NovoNordisk's share price from 2001 to Nov 11, 2016
It is easy to be wise after the event and in the context of stock market volatility the retracement of NovoNordisk’s stock price by 45% from the 12 month high may not seem too bad. However, NovoNordisk has been one of those companies that has consistently exceeded expectations for so long that calling the top was considered a mug’s game within the investment community. The secular growth trend of diabetes (more Type 2 than Type 1, to be fair) around the world has underpinned the attraction of this company to investors for more than two decades. Furthermore, the company created such a strong culture of environmental and corporate responsibility that minor commercial setbacks were soon forgiven. Add to this the consistent uplifts to sales and margin from a series of trends; the shift from syringes to pen systems, disposable and cartridge; a succession of new insulin analogues, each supposedly better than the last; penetration of the US at the expense of the incumbent, Eli Lilly; a big push into emerging markets; and finally abandoning the search for a third leg to the business (diabetes and haemophilia were the main legs) in favour of developing a multiplicity of insulin-derivative combinations that would fill every conceivable diabetes/obesity niche. No wonder that traditional NPV models consistently under-valued this stock since no-one knew when the insulin life cycle rejuvenation process would ever stop.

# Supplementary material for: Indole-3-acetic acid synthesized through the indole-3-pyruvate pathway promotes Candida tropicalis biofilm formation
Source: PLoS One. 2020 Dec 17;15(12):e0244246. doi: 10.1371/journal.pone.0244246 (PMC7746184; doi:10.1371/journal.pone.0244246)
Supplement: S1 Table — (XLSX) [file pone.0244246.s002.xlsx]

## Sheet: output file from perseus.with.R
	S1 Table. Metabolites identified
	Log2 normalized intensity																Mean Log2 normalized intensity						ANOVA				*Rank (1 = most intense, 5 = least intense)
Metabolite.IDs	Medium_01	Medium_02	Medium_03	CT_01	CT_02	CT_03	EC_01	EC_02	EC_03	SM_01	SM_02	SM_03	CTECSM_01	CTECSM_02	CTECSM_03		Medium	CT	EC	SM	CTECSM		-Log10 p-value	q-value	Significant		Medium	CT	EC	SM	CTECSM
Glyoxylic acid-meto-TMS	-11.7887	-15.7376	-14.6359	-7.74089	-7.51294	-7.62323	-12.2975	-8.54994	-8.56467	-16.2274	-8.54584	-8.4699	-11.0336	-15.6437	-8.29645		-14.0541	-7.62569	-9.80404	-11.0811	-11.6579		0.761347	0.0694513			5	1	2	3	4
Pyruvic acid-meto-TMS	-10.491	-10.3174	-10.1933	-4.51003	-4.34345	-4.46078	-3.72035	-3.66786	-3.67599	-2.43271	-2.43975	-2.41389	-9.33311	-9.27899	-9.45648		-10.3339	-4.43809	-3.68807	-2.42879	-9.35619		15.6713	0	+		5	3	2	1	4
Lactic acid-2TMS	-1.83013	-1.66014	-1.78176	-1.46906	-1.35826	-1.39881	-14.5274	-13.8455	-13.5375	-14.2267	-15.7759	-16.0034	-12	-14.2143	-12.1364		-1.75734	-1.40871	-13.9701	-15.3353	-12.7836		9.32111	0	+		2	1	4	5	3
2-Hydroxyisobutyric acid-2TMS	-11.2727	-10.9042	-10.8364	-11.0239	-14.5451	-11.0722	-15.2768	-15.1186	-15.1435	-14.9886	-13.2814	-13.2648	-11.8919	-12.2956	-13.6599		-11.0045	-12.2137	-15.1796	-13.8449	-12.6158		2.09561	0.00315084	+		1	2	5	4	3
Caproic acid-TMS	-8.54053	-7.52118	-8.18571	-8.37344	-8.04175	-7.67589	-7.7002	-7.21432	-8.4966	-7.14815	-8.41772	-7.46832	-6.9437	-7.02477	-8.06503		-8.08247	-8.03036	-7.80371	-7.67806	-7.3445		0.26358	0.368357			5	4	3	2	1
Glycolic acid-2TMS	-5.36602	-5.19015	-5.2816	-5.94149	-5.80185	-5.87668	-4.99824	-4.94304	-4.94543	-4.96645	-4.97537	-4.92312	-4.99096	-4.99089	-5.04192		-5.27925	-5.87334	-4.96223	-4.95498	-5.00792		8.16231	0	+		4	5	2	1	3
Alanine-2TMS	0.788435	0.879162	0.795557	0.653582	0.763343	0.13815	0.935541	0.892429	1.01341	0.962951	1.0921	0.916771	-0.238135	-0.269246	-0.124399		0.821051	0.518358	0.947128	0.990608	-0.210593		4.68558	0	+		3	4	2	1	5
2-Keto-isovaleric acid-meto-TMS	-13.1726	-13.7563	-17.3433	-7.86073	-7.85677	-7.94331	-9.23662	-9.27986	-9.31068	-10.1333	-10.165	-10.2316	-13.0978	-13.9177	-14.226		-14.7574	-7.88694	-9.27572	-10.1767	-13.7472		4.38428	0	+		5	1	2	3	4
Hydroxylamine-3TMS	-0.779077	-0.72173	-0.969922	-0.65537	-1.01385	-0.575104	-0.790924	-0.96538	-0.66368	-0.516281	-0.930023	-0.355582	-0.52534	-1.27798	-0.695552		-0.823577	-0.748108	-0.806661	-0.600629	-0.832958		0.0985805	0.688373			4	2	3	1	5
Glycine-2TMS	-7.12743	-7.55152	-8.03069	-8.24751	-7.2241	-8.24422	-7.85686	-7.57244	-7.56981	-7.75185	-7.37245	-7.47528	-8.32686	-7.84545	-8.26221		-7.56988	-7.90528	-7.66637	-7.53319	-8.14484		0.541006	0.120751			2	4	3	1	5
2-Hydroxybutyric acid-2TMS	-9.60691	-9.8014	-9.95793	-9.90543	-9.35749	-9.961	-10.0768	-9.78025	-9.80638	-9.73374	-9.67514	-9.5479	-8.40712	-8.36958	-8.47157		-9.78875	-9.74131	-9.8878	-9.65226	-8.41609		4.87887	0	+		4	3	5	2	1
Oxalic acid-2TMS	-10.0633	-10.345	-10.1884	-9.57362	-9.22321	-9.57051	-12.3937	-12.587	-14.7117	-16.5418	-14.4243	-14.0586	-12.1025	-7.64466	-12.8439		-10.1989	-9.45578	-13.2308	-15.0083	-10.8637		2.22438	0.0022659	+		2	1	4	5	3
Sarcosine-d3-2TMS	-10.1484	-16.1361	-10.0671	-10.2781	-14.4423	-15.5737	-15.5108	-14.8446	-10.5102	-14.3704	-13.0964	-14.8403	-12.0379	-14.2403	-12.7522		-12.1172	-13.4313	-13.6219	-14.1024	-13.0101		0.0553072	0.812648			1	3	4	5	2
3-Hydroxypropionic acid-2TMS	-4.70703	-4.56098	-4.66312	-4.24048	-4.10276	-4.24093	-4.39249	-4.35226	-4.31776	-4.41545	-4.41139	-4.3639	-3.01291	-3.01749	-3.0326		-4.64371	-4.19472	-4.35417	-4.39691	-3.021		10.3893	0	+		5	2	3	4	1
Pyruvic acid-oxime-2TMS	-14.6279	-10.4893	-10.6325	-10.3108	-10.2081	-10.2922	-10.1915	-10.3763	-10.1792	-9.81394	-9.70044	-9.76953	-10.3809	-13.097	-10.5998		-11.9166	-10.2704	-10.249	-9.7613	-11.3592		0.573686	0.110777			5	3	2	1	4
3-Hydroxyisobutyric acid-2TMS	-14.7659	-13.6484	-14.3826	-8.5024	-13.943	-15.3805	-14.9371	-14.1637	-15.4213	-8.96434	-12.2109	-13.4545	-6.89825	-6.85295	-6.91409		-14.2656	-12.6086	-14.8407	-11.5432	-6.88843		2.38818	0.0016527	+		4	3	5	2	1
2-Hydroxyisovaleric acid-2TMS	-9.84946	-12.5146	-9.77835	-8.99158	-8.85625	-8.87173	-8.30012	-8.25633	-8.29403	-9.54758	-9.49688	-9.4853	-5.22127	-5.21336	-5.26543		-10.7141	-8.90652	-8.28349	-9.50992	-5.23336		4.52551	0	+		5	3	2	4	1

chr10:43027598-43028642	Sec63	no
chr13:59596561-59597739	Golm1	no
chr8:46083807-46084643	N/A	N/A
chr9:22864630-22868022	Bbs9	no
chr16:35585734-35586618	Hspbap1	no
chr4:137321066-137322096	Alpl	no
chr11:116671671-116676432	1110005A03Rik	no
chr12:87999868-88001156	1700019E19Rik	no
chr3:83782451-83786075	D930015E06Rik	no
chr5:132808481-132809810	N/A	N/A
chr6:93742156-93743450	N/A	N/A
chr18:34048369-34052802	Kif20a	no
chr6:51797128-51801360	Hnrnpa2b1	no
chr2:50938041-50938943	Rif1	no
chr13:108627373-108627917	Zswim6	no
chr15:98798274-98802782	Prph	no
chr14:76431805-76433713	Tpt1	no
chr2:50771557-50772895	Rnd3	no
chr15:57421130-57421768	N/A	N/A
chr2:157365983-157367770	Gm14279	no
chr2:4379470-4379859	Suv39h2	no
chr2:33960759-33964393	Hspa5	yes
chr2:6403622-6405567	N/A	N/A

However, the push back on US price rises and the recent self-inflicted wounds in Europe of attempted global pricing of Tresiba, has given NovoNordisk’s reputation a severe knock. Not just with investors but apparently with doctors too, who have been trying to reconcile the company’s celebrated care for its patients with apparent disregard for local budget constraints. These concerns have been around for some time. The loss of 1000 jobs and the cuts to its training budget suggest that NovoNordisk is finally responding but the rebuilding of trust and the recovery of a stable sales trajectory may be more difficult than managing the cost base.
The author was a Pharmaceutical Analyst at Lehman Brothers for 23 years as well as being involved with the PharmaFutures projects www.pharmafutures.org but is now writing independently. Stewart Adkins is a Director of Pharmaforensic Limited www.pharmaforensic.co.uk
Stewart Adkins was a Pharmaceutical Analyst at Lehman Brothers for 23 years and was involved with the Pharmafutures projects.